Module system, was Re: GHC source code improvement ideas

Brian Hulley brianh at
Fri Jan 4 19:26:41 EST 2008

Ian Lynagh wrote:
> On Fri, Jan 04, 2008 at 08:34:22AM +0000, Simon Peyton-Jones wrote:
>> |   4. A more radical change would be introducing hierarchical modules.
> It's a pity that GHC.* is already used in base. I'm not sure what the
> best thing to do is in the short term.

How about Language.Haskell.Compiler.GHC.*

In the long term, Haskell needs a better module system IMHO, since the 
problem at the moment is that having to write the full hierarchical name 
in each module means that you need to know in advance, before you've 
even started writing a program, where each module will fit into the 
global namespace, which makes it extraordinarily difficult to do 
exploratory programming or bottom-up development, and the need to write 
so many import directives in each module makes it extremely painful not 
to mention overly hard-wired.

A good direction IMHO is the way SML structures are grouped using 
CM.make (SML/NJ) or MLBasis (MLton and others), so that there are no 
import directives at all: a separate group definition determines what is 
in scope, and compilation proceeds by chasing these group definition 
files rather than chasing modules.

Translating this into Haskell, the module syntax could be simplified and 
other modules could be nested and aliased within a module, so that it is 
easy to create different hierarchical views of the modules which are in 
scope to suit the particular module being written or clients of that module:

	-- Leaf.hs
	module Leaf where
		module String where
			open Data.ByteString.Char8
			type T = ByteString

		module Map = Data.Map

		module Util where
			foo :: Int -> Int
			foo i = i

	module Other where
		bar :: Int -> Leaf.String.T
		bar = Leaf.String.pack . show .

Note that here there is no need for any import directives, since the 
modules which are in scope when Leaf.hs is compiled would be determined 
by whatever group Leaf.hs is part of (with respect to that particular 
program), which would be defined in a separate file:

	local $Haskell/StdBase.hsg


Within the .hsg files, groups and modules are referenced by filename, 
and is just a simple list of components that are required and/or 
exported by the group. In the .hsg file above, MyBasis will export the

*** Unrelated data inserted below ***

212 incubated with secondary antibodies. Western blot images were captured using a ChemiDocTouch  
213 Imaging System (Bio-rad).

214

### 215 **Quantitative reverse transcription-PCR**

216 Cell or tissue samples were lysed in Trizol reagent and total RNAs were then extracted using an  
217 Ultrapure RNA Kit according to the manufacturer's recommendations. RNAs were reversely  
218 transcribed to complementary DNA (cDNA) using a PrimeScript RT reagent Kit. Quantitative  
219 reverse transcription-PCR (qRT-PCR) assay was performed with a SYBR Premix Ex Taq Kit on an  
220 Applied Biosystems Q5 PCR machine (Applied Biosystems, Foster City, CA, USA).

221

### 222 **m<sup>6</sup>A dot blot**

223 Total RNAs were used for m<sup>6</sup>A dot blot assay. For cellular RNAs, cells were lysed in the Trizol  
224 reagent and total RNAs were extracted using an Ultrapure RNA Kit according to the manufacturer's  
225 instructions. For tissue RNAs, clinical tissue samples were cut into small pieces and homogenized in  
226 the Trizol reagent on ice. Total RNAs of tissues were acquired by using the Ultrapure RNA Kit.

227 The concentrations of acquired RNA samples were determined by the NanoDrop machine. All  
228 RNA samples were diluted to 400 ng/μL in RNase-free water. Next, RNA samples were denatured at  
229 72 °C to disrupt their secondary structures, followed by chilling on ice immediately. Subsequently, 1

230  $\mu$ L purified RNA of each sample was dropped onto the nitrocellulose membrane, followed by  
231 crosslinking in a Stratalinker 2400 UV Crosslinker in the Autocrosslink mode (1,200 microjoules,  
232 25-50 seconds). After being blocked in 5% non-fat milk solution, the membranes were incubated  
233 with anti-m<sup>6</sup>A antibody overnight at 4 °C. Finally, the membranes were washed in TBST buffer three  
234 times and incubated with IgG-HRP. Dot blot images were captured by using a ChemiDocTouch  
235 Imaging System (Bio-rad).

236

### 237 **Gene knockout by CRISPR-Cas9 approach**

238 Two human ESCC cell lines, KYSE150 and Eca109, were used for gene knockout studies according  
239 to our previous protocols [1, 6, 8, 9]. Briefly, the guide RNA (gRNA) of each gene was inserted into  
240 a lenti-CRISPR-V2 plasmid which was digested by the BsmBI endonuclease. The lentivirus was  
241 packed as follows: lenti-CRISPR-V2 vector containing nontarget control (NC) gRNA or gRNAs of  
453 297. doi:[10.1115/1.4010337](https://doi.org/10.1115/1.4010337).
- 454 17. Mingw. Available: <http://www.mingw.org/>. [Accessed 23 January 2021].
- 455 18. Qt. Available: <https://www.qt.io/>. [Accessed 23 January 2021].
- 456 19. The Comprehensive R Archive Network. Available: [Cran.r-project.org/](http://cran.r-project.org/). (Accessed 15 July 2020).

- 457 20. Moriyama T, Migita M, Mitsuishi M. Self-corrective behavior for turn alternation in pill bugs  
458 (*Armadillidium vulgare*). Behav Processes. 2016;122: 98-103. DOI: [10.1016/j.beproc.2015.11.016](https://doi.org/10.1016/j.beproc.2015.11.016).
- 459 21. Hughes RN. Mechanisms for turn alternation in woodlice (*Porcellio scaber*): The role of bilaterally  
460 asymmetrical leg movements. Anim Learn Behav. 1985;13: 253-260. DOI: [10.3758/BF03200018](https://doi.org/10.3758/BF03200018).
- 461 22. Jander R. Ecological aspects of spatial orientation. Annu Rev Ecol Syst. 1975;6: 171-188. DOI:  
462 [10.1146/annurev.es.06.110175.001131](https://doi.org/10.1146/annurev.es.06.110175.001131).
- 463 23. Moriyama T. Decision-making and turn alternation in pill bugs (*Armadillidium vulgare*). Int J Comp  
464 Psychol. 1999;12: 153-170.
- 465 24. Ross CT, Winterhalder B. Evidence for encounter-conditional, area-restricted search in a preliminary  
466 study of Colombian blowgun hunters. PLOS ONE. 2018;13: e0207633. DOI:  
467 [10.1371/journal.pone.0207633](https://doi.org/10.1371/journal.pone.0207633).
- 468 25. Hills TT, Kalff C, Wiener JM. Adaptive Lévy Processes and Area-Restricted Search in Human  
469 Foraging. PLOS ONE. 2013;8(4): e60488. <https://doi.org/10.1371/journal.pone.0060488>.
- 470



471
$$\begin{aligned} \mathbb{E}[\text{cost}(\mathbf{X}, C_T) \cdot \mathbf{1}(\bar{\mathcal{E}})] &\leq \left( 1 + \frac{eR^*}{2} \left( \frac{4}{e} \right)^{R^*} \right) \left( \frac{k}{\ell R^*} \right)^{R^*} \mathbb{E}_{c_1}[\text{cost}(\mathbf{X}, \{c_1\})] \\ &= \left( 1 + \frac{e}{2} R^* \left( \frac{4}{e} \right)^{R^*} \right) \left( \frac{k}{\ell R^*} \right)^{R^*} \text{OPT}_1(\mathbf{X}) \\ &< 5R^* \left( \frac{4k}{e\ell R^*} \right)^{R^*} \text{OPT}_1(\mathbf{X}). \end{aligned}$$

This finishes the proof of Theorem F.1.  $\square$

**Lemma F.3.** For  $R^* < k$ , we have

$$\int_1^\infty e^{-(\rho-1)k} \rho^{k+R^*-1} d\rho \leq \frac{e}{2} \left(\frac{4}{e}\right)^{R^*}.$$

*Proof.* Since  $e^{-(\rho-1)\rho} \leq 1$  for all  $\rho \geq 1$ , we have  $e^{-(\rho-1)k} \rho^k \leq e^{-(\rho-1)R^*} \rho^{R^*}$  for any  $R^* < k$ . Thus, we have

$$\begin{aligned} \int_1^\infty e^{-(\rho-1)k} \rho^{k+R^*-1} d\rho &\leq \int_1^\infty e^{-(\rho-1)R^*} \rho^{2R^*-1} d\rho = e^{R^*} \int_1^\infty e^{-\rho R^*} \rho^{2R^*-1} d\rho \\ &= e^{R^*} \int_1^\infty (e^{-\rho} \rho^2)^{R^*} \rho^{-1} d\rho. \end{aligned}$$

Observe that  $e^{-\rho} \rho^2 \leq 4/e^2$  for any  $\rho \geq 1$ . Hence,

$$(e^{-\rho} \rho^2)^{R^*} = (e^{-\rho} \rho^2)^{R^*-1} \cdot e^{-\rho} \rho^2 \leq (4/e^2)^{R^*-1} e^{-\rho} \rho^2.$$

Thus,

contents of Leaf.hs and Other.hs, which are compiled in an environment 
augmented by StdBase (which is not itself exported by MyBasis).

(See CM.make and the MLBasis system for more details - in particular, 
for any given program a module may appear in only one group, but the 
same module may appear in different groups in different programs thus 
facilitating easy exploratory programming and re-organization without 
breaking previous programs.)

This can be taken further to get an even more powerful system by using 
parameterized traits and explicit instantiation for modules:

	trait T a b where
		foo :: a -> b

		bar :: Int -> Int
		bar i = i + 1

	module M where
		include T Int String
		foo = show . bar

Here, the body of a module is always a trait, and the above is 
equivalent to:

	trait T a b = tra
		foo :: a -> b

		bar :: Int -> Int
		bar i = i + 1

	module M = new tra
		include T Int String
		foo = show . bar

which makes it more explicit that conversion of the contents to actual 
code (ie linking, allocation/identity/initialization of CAFs and foreign 
objects, generativity of data types etc) happens only in the module decl.

The great thing about making instantiation explicit is that traits are 
pure functional values and so can easily be combined with no side 
effects, whereas modules may in general contain mutable state eg to 
interface with some external C library and thus are 
objects-with-identity. Thus the separation solves the whole problem of 
applicative vs generative functors in ML, as well as solving the problem 
of mutually recursive structures (functors become a redundant concept 
because you can always start with including a trait then overriding some 
decls with more instantiated (here used in a different sense) decls 
and/or traits).

Last but not least, a trait could also be used similarly to a signature, 
except that definitions in the trait can be considered to be default 
implementations. Therefore in this scenario the body of a class or 
instance decl is just a trait and so could be composed using other 
traits etc. (Each instance decl instantiates the trait given in the body 
merged with the trait given in the class leading to a possibly 
parameterized module.)

Anyway these are some of the directions I am currently working on for my 
new language which is a strict version of Haskell/ML but where explicit 
type annotations drive name resolution rather than explicit namespace 
annotations driving type inference.

Related work for the above version of traits/mixins includes the Scala 
language and the approach described in "Evolving Software with 
Extensible Modules" by Matthias Zenger.

Regards, Brian.


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